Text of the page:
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G.L Solaria
G.L Solaria

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Locks are not guaranteed to be FIFO

Locks can hold a few surprises for the uninitiated. One of the less than obvious surprises is to assume that if a thread is first to acquire a lock, that the thread will be first to enter a lock. It can be easy to assume that locks operate on a first-in-first-out (FIFO) basis because that's what they seem to do when there is infrequent lock contention.

Sadly threads queued behind a locks (including SemaphoreSlim) are not guaranteed to be queued and acquired in FIFO order.

Let's test this hypothesis by first creating a simple record class...

public class Record
{
  public int ThreadId { get; set; }
  public int QueuedSeqNo { get; set; }
  public int AcquiredSeqNo { get; set; }
}
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I wanted to create a race of 10 threads trying to acquire the same lock. I created record and stored the order in which the thread was queued. I then record the sequence in which the lock was acquired. I add this to a list to hold the records in whatever order the lock is acquired in. After the threads have completed, I traverse the list looking for non-FIFO sequencing. Here is the main ...

int seqCounter = 0;
object theLock = new object();
List<Record> sequence = new List<Record>();

int[] threadIds = Enumerable.Range(200, 10).ToArray();

var threads = threadIds.Select(threadId => new Thread(() =>
{
  Record record = new Record {ThreadId = threadId};
  record.QueuedSeqNo = Interlocked.Increment(ref seqCounter);
  lock (theLock)
  {
    record.AcquiredSeqNo = Interlocked.Increment(ref seqCounter);
    sequence.Add(record);
  }
})).ToList();

threads.ForEach(thread => thread.Start());
threads.ForEach(thread => thread.Join());

foreach (var rec1 in sequence)
{
  foreach (var rec2 in sequence)
  {
    if 
    (
      (rec1.QueuedSeqNo < rec2.QueuedSeqNo) 
      && 
      (rec1.AcquiredSeqNo > rec2.AcquiredSeqNo)
    )
    {
      Console.WriteLine(
        $"Error:     {rec1.ThreadId} was queued at       " +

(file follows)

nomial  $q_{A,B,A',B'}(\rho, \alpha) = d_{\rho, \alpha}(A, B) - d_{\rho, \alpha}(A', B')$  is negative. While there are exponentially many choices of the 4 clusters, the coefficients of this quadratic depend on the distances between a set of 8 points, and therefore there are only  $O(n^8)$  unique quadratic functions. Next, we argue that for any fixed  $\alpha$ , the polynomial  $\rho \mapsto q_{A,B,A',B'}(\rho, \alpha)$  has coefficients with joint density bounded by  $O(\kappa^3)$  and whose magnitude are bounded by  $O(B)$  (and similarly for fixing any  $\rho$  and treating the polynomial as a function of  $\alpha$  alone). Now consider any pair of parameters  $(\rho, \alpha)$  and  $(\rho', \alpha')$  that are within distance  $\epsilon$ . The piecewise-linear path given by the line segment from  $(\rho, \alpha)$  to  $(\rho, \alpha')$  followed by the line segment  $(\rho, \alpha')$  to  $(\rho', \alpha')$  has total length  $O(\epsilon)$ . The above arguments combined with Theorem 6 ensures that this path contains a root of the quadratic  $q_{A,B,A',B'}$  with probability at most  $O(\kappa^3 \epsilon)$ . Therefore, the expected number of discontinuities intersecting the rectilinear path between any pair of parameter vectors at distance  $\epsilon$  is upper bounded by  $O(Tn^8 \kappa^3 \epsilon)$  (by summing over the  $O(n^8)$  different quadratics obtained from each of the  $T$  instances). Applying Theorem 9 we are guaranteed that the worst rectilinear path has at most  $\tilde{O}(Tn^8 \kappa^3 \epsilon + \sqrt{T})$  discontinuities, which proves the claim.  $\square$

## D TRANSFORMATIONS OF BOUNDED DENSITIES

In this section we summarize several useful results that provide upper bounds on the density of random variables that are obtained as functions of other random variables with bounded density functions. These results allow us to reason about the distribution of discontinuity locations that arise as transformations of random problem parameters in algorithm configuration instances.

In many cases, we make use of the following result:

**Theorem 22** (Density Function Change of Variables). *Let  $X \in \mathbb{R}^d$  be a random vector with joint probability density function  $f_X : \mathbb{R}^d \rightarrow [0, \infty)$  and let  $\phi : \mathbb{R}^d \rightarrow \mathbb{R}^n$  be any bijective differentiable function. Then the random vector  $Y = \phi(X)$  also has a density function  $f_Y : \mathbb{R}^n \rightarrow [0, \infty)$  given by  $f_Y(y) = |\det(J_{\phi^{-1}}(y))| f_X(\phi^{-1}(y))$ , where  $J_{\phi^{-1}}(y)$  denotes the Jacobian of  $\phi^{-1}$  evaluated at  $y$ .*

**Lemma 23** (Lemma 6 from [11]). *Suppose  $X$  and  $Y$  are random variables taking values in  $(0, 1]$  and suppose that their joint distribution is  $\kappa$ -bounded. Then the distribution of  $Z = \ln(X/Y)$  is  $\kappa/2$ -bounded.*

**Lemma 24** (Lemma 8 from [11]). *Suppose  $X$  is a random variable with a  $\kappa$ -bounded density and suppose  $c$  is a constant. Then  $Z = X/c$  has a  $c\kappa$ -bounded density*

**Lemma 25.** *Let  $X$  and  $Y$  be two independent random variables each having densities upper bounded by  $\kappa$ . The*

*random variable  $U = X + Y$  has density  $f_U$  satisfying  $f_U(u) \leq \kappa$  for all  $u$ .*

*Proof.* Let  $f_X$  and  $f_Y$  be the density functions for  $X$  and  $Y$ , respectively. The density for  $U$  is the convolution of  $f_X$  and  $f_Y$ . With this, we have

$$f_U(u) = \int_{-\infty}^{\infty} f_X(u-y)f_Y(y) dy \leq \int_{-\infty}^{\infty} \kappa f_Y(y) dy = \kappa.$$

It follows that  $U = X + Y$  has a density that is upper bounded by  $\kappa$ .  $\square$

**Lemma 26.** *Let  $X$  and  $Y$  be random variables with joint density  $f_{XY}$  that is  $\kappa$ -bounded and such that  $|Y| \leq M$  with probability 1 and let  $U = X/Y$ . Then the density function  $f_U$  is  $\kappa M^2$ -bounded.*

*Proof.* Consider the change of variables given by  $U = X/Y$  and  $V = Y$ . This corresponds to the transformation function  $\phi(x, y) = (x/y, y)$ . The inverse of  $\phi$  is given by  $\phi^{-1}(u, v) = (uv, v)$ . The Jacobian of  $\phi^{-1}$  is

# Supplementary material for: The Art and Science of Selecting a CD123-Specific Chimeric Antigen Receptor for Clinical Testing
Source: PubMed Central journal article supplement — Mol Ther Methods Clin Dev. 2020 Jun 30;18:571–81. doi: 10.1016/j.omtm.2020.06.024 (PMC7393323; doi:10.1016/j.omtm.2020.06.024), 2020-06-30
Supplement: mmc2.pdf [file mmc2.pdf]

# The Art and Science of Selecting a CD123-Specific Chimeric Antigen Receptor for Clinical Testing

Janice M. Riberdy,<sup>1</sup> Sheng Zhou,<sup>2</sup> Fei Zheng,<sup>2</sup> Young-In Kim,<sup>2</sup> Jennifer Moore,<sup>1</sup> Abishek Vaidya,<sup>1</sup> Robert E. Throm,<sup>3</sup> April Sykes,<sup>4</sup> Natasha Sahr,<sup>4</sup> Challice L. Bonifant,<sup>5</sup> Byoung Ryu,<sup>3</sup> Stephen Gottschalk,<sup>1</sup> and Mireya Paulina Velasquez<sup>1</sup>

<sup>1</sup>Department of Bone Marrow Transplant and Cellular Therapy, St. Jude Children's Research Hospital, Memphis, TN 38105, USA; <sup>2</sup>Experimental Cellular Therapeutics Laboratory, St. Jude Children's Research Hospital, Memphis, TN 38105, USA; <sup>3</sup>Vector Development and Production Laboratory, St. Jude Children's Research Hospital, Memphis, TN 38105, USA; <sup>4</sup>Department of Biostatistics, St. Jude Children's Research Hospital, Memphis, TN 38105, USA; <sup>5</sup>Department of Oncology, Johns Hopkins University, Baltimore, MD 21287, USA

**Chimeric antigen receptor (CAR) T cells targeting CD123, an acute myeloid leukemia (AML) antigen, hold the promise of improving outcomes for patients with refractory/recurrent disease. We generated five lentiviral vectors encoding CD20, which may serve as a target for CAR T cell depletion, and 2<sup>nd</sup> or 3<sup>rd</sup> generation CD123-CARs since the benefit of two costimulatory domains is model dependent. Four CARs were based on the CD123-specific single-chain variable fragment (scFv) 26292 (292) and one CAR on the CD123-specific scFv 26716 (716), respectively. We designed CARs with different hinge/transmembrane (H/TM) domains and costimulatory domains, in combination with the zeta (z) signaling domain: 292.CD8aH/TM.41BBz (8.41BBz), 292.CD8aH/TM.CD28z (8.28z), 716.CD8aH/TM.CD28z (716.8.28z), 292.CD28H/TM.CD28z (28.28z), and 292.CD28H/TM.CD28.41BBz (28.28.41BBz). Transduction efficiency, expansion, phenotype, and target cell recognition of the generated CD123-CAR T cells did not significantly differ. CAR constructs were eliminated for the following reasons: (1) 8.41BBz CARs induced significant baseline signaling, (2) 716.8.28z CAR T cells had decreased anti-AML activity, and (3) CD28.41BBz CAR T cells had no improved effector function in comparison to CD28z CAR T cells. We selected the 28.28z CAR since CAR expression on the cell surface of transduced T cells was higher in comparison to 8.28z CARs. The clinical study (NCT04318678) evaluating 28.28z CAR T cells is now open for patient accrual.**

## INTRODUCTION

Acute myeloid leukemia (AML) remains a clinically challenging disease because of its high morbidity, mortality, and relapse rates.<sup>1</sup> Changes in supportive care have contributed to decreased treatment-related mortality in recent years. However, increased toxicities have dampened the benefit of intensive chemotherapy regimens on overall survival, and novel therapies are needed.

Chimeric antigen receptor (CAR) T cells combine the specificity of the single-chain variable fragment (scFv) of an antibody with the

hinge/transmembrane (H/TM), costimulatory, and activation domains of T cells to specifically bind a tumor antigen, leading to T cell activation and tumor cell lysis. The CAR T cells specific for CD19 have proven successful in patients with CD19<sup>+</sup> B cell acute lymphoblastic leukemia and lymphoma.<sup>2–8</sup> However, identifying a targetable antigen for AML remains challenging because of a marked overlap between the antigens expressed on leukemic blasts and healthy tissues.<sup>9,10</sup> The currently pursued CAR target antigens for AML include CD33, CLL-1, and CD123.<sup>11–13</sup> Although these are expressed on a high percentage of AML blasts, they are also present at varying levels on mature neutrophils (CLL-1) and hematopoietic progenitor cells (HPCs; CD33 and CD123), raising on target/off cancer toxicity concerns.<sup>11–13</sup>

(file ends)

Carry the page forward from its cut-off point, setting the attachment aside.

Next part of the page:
$"{rec1.QueuedSeqNo:000} which entered at      " + 
        $"{rec1.AcquiredSeqNo:000}\n" +
        $"     : but {rec2.ThreadId} was queued after at " +
        $"{rec2.QueuedSeqNo:000} and entered before at " + 
        $"{rec2.AcquiredSeqNo:000}\n");
      }
    }
  }
}
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I used an Interlocked integer to provide a thread-safe increasing sequence number to identify the order of operations. It is my understanding that DateTime.UtcNow will not provide the resolution I need and I am not convinced is is guaranteed to strictly increase (i.e monotonically increasing).

The output of one of my runs of this code is ...

Error:     203 was queued at       002 which entered at      011
     : but 207 was queued after at 008 and entered before at 010

Error:     201 was queued at       003 which entered at      012
     : but 207 was queued after at 008 and entered before at 010

Error:     204 was queued at       004 which entered at      013
     : but 207 was queued after at 008 and entered before at 010

Error:     205 was queued at       005 which entered at      014
     : but 207 was queued after at 008 and entered before at 010

Error:     206 was queued at       006 which entered at      015
     : but 207 was queued after at 008 and entered before at 010

Error:     202 was queued at       007 which entered at      018
     : but 207 was queued after at 008 and entered before at 010

Error:     202 was queued at       007 which entered at      018
     : but 208 was queued after at 016 and entered before at 017
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The most authoritative reference I can find for why this is the case comes from this stackoverflow question which quotes Joe Duffy's "Concurrent Programming on Windows"

Because monitors use kernel objects internally, they exhibit the same roughly-FIFO behavior that the OS synchronization mechanisms also exhibit (described in the previous chapter). Monitors are unfair, so if another thread tries to acquire the lock before an awakened waiting thread tries to acquire the lock, the sneaky thread is permitted to acquire a lock.

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